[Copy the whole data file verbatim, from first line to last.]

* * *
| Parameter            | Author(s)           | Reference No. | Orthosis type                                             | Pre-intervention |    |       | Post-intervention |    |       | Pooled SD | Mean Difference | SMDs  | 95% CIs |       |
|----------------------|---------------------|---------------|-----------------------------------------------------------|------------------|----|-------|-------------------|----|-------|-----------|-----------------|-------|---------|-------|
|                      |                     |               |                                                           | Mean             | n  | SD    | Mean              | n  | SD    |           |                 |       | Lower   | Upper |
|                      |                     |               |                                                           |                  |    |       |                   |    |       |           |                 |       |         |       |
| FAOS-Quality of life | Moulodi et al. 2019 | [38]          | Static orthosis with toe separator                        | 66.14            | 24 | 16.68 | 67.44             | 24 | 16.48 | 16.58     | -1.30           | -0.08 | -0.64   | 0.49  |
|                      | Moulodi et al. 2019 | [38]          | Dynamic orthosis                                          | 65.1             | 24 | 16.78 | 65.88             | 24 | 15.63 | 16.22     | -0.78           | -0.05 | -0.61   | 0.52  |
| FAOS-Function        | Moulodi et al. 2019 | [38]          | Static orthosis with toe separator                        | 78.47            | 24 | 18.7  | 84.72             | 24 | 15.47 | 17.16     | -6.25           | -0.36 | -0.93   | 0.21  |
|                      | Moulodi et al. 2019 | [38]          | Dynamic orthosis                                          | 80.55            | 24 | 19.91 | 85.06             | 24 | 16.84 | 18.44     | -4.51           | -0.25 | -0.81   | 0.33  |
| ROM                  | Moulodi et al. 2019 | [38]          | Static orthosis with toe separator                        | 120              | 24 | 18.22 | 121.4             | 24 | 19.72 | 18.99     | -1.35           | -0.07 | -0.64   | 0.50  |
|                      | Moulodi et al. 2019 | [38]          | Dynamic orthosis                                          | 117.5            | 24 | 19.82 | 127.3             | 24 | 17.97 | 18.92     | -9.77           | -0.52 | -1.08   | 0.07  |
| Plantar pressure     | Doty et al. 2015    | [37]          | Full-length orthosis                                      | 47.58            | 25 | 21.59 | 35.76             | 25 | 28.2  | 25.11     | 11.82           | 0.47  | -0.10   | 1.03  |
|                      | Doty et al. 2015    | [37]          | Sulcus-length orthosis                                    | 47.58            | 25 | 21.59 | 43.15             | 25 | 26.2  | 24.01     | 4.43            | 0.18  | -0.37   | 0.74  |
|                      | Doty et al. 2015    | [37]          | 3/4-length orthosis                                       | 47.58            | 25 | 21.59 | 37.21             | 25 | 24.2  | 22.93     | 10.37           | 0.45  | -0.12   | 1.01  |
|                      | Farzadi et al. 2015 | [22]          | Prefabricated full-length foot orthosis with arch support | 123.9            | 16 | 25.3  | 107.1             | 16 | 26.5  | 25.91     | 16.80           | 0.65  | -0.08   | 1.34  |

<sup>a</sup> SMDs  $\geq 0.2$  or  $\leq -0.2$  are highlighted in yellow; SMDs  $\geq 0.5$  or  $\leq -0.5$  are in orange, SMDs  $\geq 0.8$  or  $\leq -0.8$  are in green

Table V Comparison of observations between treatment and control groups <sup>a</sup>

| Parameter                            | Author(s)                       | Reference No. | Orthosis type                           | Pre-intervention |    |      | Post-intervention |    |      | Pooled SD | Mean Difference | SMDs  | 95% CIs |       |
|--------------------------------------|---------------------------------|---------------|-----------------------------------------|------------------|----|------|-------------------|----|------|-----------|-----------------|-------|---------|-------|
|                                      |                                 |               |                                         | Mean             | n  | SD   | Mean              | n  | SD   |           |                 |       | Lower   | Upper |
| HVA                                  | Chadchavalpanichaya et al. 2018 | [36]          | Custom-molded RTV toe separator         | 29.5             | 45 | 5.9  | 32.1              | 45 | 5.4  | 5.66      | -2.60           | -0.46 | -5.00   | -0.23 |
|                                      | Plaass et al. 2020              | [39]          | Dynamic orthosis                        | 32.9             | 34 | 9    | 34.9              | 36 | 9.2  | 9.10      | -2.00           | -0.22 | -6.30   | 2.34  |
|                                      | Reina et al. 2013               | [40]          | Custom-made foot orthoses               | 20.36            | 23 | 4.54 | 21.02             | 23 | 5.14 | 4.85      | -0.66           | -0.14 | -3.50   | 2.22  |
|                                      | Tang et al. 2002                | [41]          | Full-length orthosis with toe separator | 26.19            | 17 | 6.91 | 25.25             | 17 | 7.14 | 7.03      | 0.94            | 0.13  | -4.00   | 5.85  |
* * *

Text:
| Parameter            | Author(s)           | Reference No. | Orthosis type                                             | Pre-intervention |    |       | Post-intervention |    |       | Pooled SD | Mean Difference | SMDs  | 95% CIs |       |
|----------------------|---------------------|---------------|-----------------------------------------------------------|------------------|----|-------|-------------------|----|-------|-----------|-----------------|-------|---------|-------|
|                      |                     |               |                                                           | Mean             | n  | SD    | Mean              | n  | SD    |           |                 |       | Lower   | Upper |
|                      |                     |               |                                                           |                  |    |       |                   |    |       |           |                 |       |         |       |
| FAOS-Quality of life | Moulodi et al. 2019 | [38]          | Static orthosis with toe separator                        | 66.14            | 24 | 16.68 | 67.44             | 24 | 16.48 | 16.58     | -1.30           | -0.08 | -0.64   | 0.49  |
|                      | Moulodi et al. 2019 | [38]          | Dynamic orthosis                                          | 65.1             | 24 | 16.78 | 65.88             | 24 | 15.63 | 16.22     | -0.78           | -0.05 | -0.61   | 0.52  |
| FAOS-Function        | Moulodi et al. 2019 | [38]          | Static orthosis with toe separator                        | 78.47            | 24 | 18.7  | 84.72             | 24 | 15.47 | 17.16     | -6.25           | -0.36 | -0.93   | 0.21  |
|                      | Moulodi et al. 2019 | [38]          | Dynamic orthosis                                          | 80.55            | 24 | 19.91 | 85.06             | 24 | 16.84 | 18.44     | -4.51           | -0.25 | -0.81   | 0.33  |
| ROM                  | Moulodi et al. 2019 | [38]          | Static orthosis with toe separator                        | 120              | 24 | 18.22 | 121.4             | 24 | 19.72 | 18.99     | -1.35           | -0.07 | -0.64   | 0.50  |
|                      | Moulodi et al. 2019 | [38]          | Dynamic orthosis                                          | 117.5            | 24 | 19.82 | 127.3             | 24 | 17.97 | 18.92     | -9.77           | -0.52 | -1.08   | 0.07  |
| Plantar pressure     | Doty et al. 2015    | [37]          | Full-length orthosis                                      | 47.58            | 25 | 21.59 | 35.76             | 25 | 28.2  | 25.11     | 11.82           | 0.47  | -0.10   | 1.03  |
|                      | Doty et al. 2015    | [37]          | Sulcus-length orthosis                                    | 47.58            | 25 | 21.59 | 43.15             | 25 | 26.2  | 24.01     | 4.43            | 0.18  | -0.37   | 0.74  |
|                      | Doty et al. 2015    | [37]          | 3/4-length orthosis                                       | 47.58            | 25 | 21.59 | 37.21             | 25 | 24.2  | 22.93     | 10.37           | 0.45  | -0.12   | 1.01  |
|                      | Farzadi et al. 2015 | [22]          | Prefabricated full-length foot orthosis with arch support | 123.9            | 16 | 25.3  | 107.1             | 16 | 26.5  | 25.91     | 16.80           | 0.65  | -0.08   | 1.34  |

<sup>a</sup> SMDs  $\geq 0.2$  or  $\leq -0.2$  are highlighted in yellow; SMDs  $\geq 0.5$  or  $\leq -0.5$  are in orange, SMDs  $\geq 0.8$  or  $\leq -0.8$  are in green

Table V Comparison of observations between treatment and control groups <sup>a</sup>

| Parameter                            | Author(s)                       | Reference No. | Orthosis type                           | Pre-intervention |    |      | Post-intervention |    |      | Pooled SD | Mean Difference | SMDs  | 95% CIs |       |
|--------------------------------------|---------------------------------|---------------|-----------------------------------------|------------------|----|------|-------------------|----|------|-----------|-----------------|-------|---------|-------|
|                                      |                                 |               |                                         | Mean             | n  | SD   | Mean              | n  | SD   |           |                 |       | Lower   | Upper |
| HVA                                  | Chadchavalpanichaya et al. 2018 | [36]          | Custom-molded RTV toe separator         | 29.5             | 45 | 5.9  | 32.1              | 45 | 5.4  | 5.66      | -2.60           | -0.46 | -5.00   | -0.23 |
|                                      | Plaass et al. 2020              | [39]          | Dynamic orthosis                        | 32.9             | 34 | 9    | 34.9              | 36 | 9.2  | 9.10      | -2.00           | -0.22 | -6.30   | 2.34  |
|                                      | Reina et al. 2013               | [40]          | Custom-made foot orthoses               | 20.36            | 23 | 4.54 | 21.02             | 23 | 5.14 | 4.85      | -0.66           | -0.14 | -3.50   | 2.22  |
|                                      | Tang et al. 2002                | [41]          | Full-length orthosis with toe separator | 26.19            | 17 | 6.91 | 25.25             | 17 | 7.14 | 7.03      | 0.94            | 0.13  | -4.00   | 5.85  |